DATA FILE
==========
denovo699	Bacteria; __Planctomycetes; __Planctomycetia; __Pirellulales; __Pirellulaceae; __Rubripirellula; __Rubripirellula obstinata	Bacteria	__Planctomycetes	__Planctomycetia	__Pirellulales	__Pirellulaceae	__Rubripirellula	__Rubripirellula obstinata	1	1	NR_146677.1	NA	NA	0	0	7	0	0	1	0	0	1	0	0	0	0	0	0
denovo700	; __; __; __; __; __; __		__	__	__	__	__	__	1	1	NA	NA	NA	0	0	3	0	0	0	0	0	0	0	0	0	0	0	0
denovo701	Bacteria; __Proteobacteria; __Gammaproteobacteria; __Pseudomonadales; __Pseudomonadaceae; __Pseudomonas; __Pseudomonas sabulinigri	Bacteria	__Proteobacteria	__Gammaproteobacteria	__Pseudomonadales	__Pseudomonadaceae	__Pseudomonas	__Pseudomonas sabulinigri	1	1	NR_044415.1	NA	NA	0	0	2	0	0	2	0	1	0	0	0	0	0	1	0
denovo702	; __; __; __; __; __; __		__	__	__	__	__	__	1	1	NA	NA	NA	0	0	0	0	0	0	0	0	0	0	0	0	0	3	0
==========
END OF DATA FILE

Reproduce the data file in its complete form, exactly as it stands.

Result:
denovo699	Bacteria; __Planctomycetes; __Planctomycetia; __Pirellulales; __Pirellulaceae; __Rubripirellula; __Rubripirellula obstinata	Bacteria	__Planctomycetes	__Planctomycetia	__Pirellulales	__Pirellulaceae	__Rubripirellula	__Rubripirellula obstinata	1	1	NR_146677.1	NA	NA	0	0	7	0	0	1	0	0	1	0	0	0	0	0	0
denovo700	; __; __; __; __; __; __		__	__	__	__	__	__	1	1	NA	NA	NA	0	0	3	0	0	0	0	0	0	0	0	0	0	0	0
denovo701	Bacteria; __Proteobacteria; __Gammaproteobacteria; __Pseudomonadales; __Pseudomonadaceae; __Pseudomonas; __Pseudomonas sabulinigri	Bacteria	__Proteobacteria	__Gammaproteobacteria	__Pseudomonadales	__Pseudomonadaceae	__Pseudomonas	__Pseudomonas sabulinigri	1	1	NR_044415.1	NA	NA	0	0	2	0	0	2	0	1	0	0	0	0	0	1	0
denovo702	; __; __; __; __; __; __		__	__	__	__	__	__	1	1	NA	NA	NA	0	0	0	0	0	0	0	0	0	0	0	0	0	3	0